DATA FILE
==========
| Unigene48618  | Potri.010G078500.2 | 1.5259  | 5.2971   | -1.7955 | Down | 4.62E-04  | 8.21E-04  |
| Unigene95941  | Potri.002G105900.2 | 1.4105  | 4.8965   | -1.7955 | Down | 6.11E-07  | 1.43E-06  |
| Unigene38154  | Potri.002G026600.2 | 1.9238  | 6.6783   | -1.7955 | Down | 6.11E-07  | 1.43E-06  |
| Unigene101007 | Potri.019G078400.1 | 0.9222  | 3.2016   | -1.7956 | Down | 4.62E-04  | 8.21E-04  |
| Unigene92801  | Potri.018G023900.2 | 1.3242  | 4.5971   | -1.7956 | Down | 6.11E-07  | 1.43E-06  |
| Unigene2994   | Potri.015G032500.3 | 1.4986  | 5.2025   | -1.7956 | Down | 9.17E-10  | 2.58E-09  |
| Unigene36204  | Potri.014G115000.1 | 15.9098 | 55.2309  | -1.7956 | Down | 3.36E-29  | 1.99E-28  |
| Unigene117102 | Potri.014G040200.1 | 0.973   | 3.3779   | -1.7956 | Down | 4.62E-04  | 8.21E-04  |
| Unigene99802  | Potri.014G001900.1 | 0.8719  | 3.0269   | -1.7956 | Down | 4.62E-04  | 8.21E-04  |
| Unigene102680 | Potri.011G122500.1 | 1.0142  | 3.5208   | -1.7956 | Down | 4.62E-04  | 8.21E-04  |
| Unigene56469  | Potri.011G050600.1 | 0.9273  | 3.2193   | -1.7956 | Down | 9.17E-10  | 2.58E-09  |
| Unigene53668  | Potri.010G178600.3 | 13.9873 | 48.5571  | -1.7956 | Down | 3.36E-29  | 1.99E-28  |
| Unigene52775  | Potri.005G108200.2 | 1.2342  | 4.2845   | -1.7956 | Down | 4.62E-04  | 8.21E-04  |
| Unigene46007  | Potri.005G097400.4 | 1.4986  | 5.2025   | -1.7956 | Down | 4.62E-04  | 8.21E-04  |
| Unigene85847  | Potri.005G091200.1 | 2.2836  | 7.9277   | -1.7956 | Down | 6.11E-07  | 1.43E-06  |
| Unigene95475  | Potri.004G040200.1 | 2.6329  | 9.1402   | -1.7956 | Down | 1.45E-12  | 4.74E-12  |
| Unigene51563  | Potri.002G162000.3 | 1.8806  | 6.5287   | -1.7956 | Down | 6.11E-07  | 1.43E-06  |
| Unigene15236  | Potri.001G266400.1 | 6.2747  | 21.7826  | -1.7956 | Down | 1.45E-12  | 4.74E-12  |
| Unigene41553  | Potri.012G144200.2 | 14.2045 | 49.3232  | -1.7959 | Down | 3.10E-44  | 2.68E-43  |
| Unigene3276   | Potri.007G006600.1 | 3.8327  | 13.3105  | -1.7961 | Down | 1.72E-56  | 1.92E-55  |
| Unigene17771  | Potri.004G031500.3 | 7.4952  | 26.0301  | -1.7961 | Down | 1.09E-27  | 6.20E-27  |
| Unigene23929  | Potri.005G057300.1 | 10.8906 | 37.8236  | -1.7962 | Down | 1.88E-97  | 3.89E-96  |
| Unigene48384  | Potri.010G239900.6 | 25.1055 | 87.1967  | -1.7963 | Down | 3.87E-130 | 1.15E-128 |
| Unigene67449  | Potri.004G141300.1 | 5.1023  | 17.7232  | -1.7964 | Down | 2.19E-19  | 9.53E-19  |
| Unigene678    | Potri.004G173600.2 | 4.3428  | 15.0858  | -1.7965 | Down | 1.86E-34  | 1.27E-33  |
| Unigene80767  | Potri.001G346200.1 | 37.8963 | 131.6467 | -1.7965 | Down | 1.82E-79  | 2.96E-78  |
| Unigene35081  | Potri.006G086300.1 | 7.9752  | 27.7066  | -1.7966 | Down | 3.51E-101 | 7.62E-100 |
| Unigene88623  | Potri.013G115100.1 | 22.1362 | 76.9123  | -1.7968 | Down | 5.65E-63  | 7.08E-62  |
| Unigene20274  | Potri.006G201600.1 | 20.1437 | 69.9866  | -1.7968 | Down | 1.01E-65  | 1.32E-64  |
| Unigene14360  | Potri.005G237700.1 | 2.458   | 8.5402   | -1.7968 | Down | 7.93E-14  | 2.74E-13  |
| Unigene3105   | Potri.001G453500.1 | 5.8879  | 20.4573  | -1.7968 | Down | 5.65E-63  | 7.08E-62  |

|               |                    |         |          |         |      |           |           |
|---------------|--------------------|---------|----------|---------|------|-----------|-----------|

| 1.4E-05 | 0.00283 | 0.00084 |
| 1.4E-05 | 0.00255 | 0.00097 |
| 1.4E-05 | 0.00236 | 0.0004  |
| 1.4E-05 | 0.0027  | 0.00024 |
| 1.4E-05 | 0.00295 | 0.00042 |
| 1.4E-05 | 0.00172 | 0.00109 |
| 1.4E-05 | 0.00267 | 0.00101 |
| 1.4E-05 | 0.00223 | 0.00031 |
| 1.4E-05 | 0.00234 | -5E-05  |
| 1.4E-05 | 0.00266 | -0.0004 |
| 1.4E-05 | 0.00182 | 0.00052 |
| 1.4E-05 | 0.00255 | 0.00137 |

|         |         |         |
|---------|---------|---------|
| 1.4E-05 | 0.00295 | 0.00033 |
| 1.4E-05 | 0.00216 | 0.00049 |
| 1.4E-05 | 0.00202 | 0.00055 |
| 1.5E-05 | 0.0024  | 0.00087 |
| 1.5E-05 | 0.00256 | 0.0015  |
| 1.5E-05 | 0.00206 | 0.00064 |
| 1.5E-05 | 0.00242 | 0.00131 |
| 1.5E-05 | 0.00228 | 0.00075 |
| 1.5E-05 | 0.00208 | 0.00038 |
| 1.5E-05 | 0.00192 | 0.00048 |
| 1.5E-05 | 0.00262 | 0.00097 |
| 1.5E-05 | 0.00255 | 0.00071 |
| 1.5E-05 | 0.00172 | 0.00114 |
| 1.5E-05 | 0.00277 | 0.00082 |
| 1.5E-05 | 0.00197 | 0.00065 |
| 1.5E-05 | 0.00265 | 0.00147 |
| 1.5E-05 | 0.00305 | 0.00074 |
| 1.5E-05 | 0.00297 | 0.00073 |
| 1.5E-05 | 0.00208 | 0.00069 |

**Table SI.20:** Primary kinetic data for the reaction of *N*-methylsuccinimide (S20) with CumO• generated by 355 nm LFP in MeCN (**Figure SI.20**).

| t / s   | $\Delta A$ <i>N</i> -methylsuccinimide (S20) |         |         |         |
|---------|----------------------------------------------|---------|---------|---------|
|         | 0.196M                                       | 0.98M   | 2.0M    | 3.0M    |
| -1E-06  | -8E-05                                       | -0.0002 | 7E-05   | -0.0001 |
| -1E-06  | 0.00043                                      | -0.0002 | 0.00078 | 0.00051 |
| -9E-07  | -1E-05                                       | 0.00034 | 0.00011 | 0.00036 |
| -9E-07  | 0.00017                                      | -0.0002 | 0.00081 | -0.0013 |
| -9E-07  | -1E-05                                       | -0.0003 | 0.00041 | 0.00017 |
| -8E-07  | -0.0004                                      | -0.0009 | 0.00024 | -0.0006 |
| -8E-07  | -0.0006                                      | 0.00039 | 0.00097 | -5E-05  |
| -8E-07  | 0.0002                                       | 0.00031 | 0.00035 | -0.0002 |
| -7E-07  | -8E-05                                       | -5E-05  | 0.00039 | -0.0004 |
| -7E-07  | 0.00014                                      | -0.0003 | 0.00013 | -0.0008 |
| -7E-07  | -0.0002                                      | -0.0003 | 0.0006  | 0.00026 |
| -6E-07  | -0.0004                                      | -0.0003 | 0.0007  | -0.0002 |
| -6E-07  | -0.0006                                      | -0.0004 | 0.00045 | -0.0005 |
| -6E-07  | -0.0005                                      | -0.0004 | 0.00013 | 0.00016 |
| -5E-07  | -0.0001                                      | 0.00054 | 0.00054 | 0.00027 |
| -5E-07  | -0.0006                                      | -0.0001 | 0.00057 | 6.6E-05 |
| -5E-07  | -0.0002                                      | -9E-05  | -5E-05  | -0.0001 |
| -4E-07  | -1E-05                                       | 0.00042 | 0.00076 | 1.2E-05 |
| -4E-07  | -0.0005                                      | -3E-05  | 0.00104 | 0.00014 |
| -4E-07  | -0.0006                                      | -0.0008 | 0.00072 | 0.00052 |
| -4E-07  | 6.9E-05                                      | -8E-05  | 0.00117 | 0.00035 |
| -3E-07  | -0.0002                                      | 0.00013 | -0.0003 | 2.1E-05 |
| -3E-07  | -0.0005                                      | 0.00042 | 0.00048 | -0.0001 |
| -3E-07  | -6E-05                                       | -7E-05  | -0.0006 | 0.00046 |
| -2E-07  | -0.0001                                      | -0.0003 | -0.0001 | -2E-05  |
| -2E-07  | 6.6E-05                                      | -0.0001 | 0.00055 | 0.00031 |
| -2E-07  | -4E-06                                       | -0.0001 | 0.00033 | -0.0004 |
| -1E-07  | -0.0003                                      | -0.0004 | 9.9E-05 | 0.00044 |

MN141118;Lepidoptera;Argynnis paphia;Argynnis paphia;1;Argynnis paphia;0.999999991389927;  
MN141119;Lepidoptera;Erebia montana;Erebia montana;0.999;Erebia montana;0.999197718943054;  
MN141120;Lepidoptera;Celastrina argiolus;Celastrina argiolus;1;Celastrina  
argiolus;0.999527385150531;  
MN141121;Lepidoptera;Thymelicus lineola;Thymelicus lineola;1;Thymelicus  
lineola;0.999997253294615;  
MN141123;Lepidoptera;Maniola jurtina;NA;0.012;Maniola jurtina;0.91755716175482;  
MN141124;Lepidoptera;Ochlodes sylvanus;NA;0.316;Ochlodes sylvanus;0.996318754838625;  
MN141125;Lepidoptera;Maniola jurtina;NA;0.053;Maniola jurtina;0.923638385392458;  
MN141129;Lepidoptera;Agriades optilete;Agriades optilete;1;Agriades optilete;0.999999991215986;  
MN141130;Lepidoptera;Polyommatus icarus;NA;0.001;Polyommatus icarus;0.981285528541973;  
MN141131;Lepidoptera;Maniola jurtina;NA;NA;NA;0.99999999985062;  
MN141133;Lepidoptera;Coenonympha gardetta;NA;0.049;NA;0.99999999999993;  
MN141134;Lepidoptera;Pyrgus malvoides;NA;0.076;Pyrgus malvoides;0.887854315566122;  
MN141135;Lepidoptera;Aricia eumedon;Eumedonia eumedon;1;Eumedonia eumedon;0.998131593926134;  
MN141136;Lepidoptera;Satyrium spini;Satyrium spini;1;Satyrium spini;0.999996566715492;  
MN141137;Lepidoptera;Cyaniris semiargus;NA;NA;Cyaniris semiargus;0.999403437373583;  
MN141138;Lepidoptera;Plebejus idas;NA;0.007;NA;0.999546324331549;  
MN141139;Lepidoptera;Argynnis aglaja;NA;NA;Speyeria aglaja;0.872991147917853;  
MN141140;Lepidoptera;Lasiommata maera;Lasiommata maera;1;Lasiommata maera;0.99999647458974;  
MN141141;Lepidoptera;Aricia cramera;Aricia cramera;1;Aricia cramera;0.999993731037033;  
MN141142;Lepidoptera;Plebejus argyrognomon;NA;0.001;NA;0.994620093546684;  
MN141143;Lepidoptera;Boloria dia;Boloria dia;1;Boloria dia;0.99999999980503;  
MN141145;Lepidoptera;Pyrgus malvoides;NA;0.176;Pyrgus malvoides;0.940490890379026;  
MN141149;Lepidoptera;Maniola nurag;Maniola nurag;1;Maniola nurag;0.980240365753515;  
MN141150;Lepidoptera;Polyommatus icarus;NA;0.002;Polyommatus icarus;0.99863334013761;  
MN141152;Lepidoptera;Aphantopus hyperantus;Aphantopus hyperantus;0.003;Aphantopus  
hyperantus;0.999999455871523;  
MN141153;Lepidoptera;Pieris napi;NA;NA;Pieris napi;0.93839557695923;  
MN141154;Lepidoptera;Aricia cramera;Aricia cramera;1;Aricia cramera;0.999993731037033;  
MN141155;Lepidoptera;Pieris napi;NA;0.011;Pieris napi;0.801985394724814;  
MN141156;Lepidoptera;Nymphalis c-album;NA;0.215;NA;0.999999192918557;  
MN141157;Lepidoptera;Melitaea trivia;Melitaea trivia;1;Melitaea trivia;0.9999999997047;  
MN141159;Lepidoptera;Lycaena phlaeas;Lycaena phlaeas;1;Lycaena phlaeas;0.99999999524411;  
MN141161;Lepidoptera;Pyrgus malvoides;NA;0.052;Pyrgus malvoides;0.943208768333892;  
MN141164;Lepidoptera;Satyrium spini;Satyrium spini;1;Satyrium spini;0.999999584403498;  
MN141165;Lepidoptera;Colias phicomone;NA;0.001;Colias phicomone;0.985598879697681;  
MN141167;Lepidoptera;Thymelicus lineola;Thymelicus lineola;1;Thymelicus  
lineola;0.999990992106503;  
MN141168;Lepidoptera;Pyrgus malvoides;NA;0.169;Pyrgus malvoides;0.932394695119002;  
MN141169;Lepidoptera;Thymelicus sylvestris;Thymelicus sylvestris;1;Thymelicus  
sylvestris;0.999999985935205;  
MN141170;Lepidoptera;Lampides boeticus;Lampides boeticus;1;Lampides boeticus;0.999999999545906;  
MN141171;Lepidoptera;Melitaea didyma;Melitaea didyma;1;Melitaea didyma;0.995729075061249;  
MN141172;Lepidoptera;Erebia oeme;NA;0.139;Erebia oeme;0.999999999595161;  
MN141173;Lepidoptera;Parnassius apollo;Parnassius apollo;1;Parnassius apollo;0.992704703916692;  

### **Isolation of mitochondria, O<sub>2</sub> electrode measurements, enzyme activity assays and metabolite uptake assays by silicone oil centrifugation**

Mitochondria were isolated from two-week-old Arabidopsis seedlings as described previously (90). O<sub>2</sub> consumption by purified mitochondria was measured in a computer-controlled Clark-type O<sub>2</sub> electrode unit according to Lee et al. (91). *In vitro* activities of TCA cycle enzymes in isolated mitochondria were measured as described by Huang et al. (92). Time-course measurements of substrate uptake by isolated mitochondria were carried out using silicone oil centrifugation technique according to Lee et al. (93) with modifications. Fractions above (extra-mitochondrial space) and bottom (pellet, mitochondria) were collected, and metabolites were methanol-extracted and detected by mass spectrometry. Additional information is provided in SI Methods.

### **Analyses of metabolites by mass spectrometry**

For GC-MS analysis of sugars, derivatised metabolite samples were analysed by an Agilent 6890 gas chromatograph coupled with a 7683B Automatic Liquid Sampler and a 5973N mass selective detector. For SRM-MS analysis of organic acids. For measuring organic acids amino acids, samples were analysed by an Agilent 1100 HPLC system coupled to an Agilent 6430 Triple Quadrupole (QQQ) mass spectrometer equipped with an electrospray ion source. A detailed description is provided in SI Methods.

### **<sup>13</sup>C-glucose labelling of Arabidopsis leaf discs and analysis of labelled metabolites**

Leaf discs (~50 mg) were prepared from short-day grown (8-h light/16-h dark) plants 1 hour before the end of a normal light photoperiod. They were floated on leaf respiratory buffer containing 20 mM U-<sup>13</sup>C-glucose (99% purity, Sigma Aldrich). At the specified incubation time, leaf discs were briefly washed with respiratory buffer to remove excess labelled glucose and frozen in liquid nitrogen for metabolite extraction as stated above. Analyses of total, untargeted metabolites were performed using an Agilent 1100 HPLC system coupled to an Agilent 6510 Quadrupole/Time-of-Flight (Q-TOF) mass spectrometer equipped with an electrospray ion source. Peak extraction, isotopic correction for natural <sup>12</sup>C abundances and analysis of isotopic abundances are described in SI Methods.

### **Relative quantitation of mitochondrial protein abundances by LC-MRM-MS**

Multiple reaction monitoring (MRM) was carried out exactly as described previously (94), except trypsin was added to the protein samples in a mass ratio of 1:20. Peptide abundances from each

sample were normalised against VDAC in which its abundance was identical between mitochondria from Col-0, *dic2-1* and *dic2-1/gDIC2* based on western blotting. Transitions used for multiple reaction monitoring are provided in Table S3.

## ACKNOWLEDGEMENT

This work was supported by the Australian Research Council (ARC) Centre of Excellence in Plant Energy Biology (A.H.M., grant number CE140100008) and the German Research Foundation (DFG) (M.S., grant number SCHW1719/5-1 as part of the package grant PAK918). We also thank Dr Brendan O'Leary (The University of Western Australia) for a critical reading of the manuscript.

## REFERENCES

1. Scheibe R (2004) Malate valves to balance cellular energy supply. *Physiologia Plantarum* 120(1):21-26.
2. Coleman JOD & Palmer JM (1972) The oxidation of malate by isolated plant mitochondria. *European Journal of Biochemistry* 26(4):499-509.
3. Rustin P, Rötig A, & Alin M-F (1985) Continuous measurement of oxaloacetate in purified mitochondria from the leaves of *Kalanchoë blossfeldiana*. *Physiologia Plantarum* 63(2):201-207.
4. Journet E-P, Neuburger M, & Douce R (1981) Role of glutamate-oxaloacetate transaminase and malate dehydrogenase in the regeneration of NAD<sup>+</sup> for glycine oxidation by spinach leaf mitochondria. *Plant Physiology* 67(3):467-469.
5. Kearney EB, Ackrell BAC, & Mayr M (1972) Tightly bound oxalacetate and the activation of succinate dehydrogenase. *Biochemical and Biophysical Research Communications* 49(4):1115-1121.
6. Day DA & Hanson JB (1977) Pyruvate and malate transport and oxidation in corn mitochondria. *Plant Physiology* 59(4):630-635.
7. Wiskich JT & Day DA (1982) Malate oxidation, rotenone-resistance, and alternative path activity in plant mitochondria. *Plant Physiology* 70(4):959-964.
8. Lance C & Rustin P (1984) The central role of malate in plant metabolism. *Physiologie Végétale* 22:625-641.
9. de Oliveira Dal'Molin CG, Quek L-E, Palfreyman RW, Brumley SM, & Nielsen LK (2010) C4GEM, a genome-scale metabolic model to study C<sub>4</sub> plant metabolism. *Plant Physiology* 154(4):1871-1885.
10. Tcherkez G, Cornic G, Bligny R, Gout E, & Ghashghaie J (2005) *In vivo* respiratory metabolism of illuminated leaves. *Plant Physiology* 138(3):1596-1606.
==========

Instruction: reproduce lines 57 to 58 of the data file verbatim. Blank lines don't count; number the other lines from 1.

| 1.5E-05 | 0.00192 | 0.00048 |
| 1.5E-05 | 0.00262 | 0.00097 |